Intersectionalities of Class in Early Modern English Literature
CFP: Intersectionalities of Class in Early Modern English Literature
Eds. Ronda Arab (Simon Fraser University) and Laurie Ellinghausen (University of Missouri – Kansas City)
The editors invite essays for an edited volume on intersectionalities of class in early modern English literature.
Defining class broadly as identity categorization based on wealth, family, bloodlines, and occupation, we seek to explore class as a complicated, contingent phenomenon modified by a wider range of social categories apart from those defining terms, including, but not limited to, race, ethnicity, gender, religion, and geography. We seek to explore a broad range of questions about the intersectional factors influencing class status in early modern England:
- How did non-class social categories influence one’s class position and status within one’s community?
- In what ways was class mobility influenced by factors other than occupation, marriage, and wealth?
- How could cultural behaviors and emerging modes of masculine, feminine, or queer conduct influence one’s class position or one’s relationships with those of a different class?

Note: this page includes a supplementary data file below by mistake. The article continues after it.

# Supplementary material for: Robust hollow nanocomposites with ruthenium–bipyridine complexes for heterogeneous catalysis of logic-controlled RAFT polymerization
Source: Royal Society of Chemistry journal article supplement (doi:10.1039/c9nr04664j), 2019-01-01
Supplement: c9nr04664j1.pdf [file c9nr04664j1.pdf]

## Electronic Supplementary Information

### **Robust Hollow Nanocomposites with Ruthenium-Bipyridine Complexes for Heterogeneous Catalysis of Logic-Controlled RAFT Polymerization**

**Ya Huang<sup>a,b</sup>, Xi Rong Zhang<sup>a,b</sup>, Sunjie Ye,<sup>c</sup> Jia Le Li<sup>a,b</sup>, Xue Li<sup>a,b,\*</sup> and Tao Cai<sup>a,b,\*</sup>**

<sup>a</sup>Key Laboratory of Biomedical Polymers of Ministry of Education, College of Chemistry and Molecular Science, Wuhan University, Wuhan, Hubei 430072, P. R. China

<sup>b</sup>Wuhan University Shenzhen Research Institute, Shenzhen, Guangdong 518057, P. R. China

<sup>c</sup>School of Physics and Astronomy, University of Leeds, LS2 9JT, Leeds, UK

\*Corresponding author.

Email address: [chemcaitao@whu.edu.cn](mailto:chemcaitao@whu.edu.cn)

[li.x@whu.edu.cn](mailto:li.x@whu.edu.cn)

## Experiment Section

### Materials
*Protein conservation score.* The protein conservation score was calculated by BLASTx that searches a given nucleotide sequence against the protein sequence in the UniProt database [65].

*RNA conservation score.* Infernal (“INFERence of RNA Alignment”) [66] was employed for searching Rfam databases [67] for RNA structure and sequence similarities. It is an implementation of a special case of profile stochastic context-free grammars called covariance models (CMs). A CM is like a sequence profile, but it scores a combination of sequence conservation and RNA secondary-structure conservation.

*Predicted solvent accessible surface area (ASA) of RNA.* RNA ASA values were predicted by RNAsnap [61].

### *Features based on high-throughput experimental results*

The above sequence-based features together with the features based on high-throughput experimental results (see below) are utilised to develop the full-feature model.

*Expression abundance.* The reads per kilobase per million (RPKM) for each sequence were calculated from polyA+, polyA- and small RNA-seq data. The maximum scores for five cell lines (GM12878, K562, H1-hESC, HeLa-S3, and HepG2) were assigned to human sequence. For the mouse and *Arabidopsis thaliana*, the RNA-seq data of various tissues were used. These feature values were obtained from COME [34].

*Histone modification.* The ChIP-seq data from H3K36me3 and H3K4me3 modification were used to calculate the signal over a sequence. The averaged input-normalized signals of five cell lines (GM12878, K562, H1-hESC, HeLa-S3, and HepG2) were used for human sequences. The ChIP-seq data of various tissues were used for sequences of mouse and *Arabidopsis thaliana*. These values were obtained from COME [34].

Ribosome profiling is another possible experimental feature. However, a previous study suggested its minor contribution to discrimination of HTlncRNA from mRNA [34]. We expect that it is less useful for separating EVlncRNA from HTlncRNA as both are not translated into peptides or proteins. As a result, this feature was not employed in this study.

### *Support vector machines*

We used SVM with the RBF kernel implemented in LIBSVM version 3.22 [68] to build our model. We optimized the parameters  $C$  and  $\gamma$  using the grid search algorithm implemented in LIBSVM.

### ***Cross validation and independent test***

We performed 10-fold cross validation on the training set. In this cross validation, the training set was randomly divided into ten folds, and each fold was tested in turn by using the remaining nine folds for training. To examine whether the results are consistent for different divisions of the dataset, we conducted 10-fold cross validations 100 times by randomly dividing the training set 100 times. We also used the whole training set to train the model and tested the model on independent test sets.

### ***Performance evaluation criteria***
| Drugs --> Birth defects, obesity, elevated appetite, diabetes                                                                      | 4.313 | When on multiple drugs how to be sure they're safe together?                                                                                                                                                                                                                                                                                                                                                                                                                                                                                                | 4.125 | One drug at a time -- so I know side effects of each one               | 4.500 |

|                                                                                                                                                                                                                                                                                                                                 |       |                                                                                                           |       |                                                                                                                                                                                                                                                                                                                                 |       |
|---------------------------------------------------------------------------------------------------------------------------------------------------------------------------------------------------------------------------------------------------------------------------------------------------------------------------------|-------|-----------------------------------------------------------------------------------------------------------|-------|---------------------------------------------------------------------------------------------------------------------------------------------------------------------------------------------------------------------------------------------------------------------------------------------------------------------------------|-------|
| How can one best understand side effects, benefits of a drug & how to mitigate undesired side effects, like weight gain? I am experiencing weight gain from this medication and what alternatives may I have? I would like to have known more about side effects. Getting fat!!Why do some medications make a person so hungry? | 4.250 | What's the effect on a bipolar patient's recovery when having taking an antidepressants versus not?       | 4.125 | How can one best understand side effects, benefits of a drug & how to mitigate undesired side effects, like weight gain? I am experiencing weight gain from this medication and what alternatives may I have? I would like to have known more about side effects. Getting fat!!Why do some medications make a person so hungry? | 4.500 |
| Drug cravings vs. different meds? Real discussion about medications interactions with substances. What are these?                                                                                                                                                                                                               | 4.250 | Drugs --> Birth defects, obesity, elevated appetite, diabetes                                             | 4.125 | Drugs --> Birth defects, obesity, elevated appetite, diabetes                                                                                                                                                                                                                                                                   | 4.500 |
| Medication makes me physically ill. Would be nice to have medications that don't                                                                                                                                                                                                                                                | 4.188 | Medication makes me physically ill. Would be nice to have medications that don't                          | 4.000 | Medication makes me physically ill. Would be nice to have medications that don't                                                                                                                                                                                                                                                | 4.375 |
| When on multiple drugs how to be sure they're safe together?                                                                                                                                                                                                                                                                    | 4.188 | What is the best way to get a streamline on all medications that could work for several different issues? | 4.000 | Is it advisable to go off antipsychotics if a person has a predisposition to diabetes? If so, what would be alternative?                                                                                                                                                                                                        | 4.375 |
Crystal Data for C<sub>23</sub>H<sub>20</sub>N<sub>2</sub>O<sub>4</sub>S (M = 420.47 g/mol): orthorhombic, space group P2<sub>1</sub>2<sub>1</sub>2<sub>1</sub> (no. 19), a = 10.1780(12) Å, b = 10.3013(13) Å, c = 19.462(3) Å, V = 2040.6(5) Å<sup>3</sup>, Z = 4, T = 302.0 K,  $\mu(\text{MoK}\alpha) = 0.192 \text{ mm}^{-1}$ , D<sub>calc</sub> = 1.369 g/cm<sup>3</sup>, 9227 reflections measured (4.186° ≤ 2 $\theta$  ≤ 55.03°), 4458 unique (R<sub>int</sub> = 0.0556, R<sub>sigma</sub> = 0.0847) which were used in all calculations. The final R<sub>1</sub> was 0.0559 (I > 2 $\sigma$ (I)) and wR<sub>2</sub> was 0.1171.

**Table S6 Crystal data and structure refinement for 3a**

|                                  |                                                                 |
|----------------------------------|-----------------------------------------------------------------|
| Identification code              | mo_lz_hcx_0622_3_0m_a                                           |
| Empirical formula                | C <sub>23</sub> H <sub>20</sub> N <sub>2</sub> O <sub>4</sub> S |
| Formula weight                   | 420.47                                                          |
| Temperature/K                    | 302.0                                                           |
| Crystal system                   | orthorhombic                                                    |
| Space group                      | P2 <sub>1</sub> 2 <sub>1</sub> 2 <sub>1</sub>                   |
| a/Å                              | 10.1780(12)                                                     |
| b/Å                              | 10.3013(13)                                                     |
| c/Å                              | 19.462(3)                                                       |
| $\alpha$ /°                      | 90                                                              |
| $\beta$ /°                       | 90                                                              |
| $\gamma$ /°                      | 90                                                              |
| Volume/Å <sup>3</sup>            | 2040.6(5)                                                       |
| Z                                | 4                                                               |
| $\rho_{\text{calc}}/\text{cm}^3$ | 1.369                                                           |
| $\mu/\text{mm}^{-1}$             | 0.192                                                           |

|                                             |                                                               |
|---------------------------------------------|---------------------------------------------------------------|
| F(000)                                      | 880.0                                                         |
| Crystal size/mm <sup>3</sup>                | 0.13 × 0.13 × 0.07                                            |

- Could class ever be made irrelevant by the dominance of other social categories?
- What were the dynamics of power and hierarchy within marriages that crossed class lines?
- How might fault lines in patriarchal dominance be created or widened by differentials in power between elite women and non-elite men?
- How did social categories of race, ethnicity, gender, religion, and geography intersect in instances of class conflict or in social manifestations of class resentment?
- How were religion, language, dialect, or proto-nationalist sentiment exploited to defuse or exacerbate class tension?
- How were intersections of criminality and class understood?
- How could affect be a class-tinged phenomenon? Could affect influence one's class or cultural status?
By engaging these and other questions, this collection aims to explore class as a fully intersectional phenomenon in the literary texts of Shakespeare and his contemporaries. Papers treating both dramatic and non-dramatic genres are welcome, as are papers that focus on early modern or contemporary performance.
Please send abstracts of 300-500 words and a two-page CV to the editors (use both email addresses: firstname.lastname@example.org and email@example.com) by December 1, 2020. Completed essays of 6000-7000 words will be due by August 1, 2021.